“The written history of the world is largely a history of warfare because the states within which we live came into existence largely through conquest, civil strife, or struggles for independence.” This is what the renowned military historian John Keegan, famous for penning The Face of Battle, wrote in the final pages of his sweeping study A History of Warfare. Arguing against his claim seems pointless, as we are all sadly aware that warfare is as old as civilization itself.
It is believed that the first armed conflicts took place in the region of the Middle East about 10,000 years ago between prehistoric city-states of the area. However, the first war in recorded history was the one between Sumer and Elam back in 2700 BC. Since then, countless wars have been waged all over the world and, to one degree or another, the consequences have been devastating.
Some of these wars stretched for many years, but even the shortest of the armed conflicts can be catastrophic and bring tragedy to many people. Such is the case with the Anglo-Zanzibar War, notable for being the shortest in recorded history. But how short exactly this war was? A month? A few weeks? Days? Hours? Actually, it didn’t even take an hour, lasting for a total of 38 minutes.
According to the treaty signed by Britain and Germany in 1890, the strategically important East African island was in the sphere of influence of the British Empire and was declared a protectorate.
With the support of the British Empire, Hamad bin Thuwaini became the Sultan of the island, but his reign came to an end when he died unexpectedly only three years later. The sudden death of the Sultan caught everyone by surprise, and many believed that he had been poisoned by his cousin, Khalid bin Barghash, who soon declared himself the new Sultan of Zanzibar.
Everything would have turned out well for the new ruler if only the British Empire would approve him as the new Sultan, but it didn’t. Hamoud bin Muhammad was now the man favored by the British, and they wouldn’t discuss any other options, so Khalid bin Barghash was given an ultimatum to cede the throne by 9 AM. local time on August 27 or to prepare himself for an attack.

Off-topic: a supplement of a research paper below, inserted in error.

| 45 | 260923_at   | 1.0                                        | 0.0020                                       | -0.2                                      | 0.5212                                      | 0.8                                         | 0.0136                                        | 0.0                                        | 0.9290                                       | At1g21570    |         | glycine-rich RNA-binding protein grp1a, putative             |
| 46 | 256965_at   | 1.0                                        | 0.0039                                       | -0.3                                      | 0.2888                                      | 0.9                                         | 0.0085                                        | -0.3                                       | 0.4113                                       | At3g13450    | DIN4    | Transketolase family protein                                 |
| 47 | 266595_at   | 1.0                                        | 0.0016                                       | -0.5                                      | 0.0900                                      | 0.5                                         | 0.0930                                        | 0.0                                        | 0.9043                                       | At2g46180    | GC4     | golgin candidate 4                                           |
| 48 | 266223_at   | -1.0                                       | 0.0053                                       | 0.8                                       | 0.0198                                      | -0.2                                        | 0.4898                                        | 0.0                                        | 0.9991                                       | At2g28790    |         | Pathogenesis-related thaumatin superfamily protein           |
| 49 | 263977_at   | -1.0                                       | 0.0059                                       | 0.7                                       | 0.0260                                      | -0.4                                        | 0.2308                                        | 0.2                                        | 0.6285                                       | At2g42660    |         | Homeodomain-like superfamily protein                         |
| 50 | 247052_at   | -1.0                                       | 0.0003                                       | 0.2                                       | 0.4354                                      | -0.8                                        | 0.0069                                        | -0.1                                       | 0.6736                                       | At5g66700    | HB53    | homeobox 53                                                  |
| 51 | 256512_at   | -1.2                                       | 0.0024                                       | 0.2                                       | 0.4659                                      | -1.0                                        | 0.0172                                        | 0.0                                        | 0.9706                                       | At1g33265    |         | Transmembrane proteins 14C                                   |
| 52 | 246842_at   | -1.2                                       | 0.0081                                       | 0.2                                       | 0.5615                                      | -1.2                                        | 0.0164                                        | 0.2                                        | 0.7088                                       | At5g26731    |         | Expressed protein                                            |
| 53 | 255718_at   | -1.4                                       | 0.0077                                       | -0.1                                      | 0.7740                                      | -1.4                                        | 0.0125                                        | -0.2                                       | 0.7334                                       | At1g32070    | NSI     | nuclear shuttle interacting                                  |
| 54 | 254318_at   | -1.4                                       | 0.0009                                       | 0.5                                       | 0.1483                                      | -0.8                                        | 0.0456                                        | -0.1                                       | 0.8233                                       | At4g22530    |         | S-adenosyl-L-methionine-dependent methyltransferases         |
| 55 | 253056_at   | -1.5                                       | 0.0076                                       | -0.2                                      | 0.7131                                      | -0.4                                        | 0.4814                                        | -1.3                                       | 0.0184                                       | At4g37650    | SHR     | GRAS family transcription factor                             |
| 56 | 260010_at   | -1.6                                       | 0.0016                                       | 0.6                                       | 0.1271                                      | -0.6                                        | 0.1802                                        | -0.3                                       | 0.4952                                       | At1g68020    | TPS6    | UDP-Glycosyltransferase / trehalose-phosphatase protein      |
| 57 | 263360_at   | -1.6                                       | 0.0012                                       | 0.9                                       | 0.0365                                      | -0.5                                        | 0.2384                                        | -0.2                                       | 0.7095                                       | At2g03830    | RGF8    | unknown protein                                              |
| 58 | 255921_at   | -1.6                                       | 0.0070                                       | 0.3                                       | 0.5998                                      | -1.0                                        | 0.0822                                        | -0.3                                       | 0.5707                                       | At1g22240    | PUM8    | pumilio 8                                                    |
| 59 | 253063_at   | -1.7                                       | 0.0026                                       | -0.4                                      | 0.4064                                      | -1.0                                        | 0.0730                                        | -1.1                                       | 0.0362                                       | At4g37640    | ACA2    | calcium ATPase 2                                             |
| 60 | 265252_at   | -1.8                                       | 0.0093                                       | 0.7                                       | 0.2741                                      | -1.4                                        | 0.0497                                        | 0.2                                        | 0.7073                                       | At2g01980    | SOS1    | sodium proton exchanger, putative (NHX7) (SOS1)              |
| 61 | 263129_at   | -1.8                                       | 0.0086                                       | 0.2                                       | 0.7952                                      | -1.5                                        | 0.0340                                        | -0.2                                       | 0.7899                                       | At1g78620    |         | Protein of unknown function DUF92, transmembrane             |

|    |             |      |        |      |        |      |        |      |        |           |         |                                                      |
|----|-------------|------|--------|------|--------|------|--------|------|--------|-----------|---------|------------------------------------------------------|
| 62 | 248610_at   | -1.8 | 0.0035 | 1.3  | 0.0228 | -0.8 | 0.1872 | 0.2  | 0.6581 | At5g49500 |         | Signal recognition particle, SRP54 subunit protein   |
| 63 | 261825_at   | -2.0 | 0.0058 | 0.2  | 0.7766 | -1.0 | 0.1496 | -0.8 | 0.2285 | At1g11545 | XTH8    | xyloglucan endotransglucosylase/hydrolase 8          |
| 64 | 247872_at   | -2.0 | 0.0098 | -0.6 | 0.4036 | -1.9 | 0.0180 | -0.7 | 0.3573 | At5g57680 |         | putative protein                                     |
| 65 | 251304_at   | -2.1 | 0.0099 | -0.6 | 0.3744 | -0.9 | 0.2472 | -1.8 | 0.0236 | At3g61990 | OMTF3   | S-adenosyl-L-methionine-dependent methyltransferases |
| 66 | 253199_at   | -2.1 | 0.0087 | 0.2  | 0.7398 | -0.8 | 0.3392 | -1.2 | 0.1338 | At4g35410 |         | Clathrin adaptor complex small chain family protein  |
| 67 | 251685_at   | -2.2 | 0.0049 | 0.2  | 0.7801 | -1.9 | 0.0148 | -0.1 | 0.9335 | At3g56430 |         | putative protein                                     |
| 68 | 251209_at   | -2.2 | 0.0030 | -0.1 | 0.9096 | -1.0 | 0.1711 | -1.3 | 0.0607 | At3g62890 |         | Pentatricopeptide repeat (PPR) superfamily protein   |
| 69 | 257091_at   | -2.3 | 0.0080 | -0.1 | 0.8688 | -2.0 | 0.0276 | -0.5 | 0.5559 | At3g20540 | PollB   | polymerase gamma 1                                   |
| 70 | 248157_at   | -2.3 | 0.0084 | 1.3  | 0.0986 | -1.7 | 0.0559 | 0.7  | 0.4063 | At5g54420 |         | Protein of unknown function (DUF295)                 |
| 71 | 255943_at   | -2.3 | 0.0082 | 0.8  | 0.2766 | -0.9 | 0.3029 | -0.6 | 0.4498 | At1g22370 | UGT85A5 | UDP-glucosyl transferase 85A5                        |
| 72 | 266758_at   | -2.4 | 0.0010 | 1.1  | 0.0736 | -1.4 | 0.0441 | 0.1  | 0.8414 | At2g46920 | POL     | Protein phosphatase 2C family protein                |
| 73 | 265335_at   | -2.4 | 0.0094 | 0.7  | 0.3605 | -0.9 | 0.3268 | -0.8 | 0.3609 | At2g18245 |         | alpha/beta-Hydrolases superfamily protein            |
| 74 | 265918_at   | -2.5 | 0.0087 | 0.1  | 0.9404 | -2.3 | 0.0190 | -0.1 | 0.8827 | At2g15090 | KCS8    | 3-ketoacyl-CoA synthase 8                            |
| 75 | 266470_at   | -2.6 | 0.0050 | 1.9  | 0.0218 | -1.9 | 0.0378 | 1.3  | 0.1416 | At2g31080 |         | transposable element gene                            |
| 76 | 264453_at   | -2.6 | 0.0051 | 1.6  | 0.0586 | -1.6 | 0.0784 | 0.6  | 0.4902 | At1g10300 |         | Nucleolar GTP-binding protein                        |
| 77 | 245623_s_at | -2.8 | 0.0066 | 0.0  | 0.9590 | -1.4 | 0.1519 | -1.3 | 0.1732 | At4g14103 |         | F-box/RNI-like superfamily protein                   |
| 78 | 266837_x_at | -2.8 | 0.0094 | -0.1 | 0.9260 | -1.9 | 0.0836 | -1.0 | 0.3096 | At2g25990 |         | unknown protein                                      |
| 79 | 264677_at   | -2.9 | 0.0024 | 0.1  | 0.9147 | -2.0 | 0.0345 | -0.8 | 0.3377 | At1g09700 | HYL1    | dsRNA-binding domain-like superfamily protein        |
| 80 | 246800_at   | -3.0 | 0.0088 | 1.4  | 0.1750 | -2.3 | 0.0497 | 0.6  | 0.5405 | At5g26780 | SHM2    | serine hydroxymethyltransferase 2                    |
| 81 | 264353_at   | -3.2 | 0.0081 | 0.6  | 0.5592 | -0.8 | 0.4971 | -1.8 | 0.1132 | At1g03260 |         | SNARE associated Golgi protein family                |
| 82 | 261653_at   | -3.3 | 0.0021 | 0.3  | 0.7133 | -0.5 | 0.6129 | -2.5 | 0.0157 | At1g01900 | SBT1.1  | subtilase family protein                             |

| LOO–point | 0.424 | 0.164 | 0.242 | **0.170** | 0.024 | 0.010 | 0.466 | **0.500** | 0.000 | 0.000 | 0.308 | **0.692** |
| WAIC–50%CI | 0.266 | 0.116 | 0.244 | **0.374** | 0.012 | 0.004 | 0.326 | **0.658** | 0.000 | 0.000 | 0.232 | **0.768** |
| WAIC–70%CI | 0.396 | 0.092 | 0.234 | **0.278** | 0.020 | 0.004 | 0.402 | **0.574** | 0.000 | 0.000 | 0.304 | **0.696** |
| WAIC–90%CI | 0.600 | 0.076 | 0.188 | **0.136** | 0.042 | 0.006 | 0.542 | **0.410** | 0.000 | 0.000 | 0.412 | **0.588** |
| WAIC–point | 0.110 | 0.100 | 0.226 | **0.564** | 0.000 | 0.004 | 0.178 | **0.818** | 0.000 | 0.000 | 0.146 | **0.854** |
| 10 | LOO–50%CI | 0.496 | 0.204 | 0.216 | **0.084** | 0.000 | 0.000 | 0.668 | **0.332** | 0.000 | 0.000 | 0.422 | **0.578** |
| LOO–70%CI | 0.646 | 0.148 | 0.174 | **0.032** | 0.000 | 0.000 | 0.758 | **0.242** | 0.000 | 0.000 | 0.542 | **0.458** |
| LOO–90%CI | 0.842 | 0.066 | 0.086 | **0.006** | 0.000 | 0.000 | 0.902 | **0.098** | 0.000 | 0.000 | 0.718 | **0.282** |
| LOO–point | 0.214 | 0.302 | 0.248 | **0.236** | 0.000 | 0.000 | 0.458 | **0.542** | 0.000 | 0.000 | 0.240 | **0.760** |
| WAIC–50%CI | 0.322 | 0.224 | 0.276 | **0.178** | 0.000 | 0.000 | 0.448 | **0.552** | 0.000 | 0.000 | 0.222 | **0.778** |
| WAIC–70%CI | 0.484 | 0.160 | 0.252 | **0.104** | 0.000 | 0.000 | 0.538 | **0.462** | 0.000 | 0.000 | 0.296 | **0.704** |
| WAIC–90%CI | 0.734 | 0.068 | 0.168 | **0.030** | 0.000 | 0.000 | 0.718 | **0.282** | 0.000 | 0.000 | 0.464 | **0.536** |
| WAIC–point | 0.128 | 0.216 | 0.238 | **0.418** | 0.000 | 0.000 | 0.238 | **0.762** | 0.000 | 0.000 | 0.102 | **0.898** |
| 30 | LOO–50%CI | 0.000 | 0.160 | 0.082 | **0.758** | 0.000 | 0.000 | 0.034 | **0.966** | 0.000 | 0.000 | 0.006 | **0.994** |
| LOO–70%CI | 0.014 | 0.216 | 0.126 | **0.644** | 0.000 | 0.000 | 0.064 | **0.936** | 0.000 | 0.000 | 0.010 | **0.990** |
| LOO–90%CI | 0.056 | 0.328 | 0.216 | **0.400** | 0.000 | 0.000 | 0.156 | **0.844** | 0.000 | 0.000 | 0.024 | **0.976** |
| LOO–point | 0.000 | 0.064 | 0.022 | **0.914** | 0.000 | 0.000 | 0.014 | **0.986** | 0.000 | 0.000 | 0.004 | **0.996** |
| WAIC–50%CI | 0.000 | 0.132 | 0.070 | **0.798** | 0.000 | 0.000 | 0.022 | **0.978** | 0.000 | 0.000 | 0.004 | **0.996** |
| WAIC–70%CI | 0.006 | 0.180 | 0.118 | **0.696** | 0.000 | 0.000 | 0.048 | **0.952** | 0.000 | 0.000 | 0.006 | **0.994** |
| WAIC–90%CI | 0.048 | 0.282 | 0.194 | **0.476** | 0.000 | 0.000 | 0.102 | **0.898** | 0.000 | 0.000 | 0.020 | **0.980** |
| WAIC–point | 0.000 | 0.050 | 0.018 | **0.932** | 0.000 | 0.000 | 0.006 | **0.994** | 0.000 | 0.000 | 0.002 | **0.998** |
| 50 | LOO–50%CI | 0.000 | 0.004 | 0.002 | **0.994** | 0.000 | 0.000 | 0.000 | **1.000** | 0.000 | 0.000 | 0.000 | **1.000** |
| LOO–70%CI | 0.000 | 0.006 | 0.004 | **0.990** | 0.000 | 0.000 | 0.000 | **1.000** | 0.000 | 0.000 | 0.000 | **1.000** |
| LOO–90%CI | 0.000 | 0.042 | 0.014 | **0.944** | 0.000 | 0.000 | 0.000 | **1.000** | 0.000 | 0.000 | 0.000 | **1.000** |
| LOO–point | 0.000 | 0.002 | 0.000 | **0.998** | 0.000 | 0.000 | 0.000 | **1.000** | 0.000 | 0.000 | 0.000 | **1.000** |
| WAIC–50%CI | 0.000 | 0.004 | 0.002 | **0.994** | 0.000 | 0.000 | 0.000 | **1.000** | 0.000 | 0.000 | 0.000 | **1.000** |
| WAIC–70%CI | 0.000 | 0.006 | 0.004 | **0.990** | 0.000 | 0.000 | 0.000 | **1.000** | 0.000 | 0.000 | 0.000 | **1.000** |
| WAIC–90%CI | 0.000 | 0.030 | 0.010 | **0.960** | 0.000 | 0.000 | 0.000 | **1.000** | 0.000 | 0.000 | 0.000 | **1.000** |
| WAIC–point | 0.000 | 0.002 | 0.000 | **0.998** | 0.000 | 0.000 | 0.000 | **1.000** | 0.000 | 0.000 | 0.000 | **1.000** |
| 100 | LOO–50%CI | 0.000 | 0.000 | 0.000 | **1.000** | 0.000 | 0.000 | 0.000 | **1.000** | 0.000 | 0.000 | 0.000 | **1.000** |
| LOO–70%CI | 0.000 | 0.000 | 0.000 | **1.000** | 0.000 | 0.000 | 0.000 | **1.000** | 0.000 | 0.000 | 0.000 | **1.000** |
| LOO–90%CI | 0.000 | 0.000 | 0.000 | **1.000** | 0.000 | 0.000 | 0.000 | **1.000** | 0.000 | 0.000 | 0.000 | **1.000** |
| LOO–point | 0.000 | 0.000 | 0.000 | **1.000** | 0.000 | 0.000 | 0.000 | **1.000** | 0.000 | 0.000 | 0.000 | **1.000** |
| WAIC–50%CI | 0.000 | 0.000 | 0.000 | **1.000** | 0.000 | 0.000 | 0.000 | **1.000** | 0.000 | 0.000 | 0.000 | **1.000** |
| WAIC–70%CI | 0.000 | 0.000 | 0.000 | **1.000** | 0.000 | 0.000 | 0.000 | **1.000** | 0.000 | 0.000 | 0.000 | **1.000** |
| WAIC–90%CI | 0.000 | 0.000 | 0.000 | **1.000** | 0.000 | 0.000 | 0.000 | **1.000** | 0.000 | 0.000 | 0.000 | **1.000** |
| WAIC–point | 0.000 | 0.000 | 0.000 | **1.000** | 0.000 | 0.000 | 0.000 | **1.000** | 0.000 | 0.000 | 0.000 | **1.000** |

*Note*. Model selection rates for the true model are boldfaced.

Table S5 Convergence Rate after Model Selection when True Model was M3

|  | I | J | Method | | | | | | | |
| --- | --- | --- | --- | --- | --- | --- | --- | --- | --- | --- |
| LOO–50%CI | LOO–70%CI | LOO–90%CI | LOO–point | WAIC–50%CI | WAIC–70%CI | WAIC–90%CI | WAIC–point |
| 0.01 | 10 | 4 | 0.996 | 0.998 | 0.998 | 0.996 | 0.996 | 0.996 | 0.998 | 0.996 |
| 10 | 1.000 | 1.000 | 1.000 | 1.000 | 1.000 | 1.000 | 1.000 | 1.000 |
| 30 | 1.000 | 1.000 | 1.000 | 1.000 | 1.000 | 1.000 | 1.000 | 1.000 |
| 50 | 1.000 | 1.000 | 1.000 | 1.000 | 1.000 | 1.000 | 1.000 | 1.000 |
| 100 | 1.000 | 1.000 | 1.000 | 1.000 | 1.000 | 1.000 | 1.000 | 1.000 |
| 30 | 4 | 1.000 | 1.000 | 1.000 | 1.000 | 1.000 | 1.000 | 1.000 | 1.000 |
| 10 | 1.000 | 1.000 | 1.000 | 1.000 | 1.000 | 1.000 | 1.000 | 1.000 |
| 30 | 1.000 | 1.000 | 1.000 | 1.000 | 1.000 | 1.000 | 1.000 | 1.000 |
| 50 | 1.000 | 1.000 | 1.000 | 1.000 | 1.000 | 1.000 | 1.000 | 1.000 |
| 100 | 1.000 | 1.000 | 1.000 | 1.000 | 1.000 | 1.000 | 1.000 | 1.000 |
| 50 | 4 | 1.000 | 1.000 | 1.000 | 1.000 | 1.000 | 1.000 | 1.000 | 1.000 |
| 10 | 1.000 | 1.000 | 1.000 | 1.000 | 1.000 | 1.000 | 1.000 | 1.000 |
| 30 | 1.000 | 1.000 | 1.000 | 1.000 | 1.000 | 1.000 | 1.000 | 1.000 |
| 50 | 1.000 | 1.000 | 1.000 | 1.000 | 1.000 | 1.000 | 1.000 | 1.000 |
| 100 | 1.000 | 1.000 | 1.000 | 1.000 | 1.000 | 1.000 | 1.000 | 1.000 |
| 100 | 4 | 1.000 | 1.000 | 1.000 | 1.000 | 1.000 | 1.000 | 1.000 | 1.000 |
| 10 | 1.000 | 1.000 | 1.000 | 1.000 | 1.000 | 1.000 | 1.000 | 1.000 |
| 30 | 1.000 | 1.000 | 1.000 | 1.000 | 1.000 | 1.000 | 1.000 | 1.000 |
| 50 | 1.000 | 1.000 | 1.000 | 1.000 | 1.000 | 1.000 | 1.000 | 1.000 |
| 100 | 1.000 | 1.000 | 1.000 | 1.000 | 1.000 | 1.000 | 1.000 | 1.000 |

The inexperienced ruler was probably unaware of the power of the British Empire and made a decision to barricade himself in the palace, gathering his forces around him. Nearly 3,000 people supported the self-proclaimed Sultan and were determined to help him in his struggle against the British influence in Zanzibar.
The British anchored five warships in the harbor, including the HMS Philomel, the HMS Rush, and the HMS St George, still hoping that they might resolve the conflict on a diplomatic level. However, Khalid bin Barghash was apparently not much of a diplomat and again made it clear that he had no intention of ceding his throne.
The Sultan was positive that the British would not open fire, historians say now. He was wrong. Just as they had promised, at exactly 9 AM local time on August 27 the British opened fire. It didn’t take long before the warships destroyed both the Zanzibari royal yacht and the entire palace, killing over 500 people in a matter of minutes.
Khalid bin Barghash, however, was not among the killed and managed to escape to the German consulate, where he sought asylum.
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About 38 minutes after the war began, the Sultan’s flag was pulled down, meaning that the shortest war in recorded history was officially over.